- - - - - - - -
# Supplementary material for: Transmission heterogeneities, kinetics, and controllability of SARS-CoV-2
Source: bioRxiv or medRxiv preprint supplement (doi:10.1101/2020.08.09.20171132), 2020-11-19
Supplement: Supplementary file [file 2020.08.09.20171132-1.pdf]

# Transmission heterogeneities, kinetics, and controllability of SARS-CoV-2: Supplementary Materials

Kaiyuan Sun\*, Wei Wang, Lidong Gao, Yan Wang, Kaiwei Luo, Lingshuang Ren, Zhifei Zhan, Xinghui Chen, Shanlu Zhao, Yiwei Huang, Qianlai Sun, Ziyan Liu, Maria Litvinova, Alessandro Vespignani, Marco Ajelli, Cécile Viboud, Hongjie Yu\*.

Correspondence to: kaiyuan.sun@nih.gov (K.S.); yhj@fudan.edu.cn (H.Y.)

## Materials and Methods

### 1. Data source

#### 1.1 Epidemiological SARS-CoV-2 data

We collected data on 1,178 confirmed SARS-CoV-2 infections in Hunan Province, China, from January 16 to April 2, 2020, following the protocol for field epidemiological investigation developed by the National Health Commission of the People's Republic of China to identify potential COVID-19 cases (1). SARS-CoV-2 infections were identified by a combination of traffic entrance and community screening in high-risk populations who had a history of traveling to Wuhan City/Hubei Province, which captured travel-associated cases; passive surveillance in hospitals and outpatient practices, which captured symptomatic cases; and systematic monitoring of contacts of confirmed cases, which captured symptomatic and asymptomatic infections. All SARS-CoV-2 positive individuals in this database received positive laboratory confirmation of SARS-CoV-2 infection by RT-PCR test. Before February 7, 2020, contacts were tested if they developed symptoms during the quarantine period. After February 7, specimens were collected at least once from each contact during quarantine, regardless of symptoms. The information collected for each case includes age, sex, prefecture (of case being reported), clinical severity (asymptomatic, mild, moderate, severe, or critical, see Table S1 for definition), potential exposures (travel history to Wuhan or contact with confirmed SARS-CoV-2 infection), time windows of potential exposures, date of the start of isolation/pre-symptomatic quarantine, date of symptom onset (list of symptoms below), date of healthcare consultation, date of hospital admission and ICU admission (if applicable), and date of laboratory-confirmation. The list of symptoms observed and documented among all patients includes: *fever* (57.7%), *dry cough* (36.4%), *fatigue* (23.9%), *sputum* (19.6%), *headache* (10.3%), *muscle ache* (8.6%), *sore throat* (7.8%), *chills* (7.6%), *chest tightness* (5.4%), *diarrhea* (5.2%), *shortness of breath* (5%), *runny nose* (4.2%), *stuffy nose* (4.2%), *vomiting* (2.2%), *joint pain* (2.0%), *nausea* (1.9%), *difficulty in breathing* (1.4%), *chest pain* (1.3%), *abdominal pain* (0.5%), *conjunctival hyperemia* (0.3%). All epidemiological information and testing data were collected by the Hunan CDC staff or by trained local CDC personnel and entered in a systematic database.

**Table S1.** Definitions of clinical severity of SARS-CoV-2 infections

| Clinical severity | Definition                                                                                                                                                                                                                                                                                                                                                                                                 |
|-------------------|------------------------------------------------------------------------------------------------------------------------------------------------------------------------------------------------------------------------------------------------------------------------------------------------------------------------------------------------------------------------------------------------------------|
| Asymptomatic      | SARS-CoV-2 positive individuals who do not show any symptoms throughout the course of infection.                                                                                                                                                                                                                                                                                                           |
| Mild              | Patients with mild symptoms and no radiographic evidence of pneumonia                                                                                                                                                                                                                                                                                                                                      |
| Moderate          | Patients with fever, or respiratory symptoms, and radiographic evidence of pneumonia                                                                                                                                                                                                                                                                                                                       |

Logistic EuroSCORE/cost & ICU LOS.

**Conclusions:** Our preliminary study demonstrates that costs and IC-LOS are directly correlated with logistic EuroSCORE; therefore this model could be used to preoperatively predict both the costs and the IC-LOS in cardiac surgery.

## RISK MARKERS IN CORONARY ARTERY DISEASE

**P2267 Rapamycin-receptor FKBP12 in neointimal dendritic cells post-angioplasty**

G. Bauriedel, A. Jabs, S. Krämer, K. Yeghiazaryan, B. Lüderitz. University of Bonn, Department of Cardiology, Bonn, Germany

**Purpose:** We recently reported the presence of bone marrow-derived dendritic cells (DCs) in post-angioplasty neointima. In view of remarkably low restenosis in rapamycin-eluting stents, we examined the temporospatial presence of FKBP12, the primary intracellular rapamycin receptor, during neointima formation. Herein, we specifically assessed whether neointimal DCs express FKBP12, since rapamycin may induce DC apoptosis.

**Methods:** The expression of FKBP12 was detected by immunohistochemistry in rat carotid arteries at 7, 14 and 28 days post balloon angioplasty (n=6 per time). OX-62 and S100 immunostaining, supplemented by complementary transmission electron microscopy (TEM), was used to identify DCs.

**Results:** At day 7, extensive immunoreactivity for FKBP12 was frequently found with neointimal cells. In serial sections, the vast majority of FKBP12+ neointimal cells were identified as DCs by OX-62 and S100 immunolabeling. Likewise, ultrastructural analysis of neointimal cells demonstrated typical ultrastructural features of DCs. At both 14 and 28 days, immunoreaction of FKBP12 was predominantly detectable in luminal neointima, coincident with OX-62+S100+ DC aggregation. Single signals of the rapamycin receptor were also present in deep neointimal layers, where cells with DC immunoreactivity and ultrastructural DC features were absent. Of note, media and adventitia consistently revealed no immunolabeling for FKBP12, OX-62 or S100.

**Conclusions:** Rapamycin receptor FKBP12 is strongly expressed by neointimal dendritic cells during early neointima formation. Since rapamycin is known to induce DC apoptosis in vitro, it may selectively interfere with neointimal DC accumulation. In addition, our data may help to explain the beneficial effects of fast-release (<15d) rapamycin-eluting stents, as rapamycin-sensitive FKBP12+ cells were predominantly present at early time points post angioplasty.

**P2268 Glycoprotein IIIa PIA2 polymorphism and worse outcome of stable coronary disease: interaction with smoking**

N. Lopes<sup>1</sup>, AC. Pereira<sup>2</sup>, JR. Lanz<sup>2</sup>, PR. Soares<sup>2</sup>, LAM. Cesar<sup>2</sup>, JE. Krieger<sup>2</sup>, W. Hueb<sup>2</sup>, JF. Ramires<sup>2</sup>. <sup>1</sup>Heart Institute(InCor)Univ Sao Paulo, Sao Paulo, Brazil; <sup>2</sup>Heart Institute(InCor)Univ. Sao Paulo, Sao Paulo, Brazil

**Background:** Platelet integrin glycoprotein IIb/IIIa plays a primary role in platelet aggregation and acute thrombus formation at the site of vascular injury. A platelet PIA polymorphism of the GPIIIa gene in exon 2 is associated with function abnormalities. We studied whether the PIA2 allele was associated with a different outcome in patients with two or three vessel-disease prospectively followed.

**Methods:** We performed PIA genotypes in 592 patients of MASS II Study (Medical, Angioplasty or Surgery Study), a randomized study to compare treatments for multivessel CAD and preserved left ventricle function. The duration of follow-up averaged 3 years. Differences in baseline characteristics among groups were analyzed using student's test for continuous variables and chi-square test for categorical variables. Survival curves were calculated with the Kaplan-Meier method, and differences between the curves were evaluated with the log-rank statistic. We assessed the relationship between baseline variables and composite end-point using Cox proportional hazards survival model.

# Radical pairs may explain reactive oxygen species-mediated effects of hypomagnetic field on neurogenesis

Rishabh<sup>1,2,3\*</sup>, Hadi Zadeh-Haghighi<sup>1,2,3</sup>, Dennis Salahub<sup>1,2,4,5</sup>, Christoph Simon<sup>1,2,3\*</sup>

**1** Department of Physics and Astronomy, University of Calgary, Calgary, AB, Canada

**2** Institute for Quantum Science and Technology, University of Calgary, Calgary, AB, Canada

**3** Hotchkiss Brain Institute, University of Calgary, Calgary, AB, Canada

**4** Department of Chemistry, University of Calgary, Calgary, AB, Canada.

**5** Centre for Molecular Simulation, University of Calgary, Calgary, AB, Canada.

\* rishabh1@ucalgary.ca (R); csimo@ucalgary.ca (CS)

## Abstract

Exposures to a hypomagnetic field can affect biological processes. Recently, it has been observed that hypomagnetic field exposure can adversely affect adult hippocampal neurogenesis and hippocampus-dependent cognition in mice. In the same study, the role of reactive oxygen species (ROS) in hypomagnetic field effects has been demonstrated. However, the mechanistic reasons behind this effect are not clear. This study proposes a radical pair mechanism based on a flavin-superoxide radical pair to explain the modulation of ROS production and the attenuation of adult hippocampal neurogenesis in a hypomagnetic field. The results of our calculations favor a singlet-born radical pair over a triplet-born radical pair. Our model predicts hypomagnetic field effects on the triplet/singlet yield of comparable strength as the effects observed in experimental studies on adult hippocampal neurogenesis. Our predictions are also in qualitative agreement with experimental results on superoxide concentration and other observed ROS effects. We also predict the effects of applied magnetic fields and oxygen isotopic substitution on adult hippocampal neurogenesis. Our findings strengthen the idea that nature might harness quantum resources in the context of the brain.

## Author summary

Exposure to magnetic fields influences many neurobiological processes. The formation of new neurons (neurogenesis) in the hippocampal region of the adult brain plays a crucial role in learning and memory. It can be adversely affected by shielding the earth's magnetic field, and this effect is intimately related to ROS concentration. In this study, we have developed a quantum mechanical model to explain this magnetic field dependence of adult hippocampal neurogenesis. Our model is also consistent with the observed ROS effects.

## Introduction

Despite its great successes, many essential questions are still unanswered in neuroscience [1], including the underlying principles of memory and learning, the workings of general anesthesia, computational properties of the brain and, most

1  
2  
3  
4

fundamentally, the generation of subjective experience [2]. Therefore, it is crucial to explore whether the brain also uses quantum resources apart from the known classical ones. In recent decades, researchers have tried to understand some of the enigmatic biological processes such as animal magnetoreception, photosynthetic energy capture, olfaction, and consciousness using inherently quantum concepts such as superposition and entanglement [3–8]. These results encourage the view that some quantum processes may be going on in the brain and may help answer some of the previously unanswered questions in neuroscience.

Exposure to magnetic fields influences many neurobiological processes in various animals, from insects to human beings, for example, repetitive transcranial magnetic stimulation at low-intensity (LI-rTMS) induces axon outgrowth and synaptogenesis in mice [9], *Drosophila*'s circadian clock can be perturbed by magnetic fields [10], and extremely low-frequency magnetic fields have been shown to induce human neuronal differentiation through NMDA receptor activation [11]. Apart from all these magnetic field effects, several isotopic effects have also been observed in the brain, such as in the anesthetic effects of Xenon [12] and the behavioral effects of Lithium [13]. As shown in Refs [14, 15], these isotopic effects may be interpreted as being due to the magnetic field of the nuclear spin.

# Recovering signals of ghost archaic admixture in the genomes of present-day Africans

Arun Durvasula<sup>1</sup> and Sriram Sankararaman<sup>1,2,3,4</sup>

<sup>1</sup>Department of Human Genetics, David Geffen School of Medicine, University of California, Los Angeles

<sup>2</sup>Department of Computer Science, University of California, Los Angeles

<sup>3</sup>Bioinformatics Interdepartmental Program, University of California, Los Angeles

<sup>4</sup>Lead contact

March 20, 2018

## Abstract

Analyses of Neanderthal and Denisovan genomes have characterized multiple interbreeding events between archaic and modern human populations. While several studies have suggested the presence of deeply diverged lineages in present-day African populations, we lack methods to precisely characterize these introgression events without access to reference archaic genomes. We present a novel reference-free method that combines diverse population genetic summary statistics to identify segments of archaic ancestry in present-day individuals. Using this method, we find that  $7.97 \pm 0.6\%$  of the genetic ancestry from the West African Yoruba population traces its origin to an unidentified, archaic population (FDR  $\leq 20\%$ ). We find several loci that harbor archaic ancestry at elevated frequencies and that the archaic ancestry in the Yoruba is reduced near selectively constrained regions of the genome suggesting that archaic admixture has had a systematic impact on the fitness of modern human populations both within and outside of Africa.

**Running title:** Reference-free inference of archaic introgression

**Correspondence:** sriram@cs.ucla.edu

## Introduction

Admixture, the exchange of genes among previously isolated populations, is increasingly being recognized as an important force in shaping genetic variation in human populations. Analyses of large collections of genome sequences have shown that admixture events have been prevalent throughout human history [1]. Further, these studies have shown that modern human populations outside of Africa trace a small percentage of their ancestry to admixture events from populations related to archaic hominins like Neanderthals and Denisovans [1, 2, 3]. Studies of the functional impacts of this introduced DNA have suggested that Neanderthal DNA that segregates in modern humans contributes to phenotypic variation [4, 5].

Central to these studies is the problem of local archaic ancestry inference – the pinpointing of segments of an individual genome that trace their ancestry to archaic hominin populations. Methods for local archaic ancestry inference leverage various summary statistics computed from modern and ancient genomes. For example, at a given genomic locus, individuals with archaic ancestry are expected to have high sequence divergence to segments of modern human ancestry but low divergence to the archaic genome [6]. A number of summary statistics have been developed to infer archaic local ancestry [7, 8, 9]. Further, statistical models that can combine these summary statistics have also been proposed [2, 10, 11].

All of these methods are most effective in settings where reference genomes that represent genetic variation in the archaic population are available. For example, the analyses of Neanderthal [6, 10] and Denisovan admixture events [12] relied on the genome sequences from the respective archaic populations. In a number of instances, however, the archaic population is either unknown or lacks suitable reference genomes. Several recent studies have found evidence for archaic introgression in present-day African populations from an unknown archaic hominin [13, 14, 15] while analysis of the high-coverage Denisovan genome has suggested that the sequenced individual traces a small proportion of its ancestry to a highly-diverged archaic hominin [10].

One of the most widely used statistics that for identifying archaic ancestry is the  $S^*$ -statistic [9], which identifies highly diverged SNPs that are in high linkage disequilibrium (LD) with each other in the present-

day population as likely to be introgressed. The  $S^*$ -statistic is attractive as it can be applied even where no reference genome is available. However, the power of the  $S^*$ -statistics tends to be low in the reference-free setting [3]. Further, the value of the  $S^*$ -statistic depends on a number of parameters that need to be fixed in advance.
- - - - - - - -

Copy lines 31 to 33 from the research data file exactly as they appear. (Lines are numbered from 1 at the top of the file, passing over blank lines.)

Rishabh<sup>1,2,3\*</sup>, Hadi Zadeh-Haghighi<sup>1,2,3</sup>, Dennis Salahub<sup>1,2,4,5</sup>, Christoph Simon<sup>1,2,3\*</sup>

**1** Department of Physics and Astronomy, University of Calgary, Calgary, AB, Canada

**2** Institute for Quantum Science and Technology, University of Calgary, Calgary, AB, Canada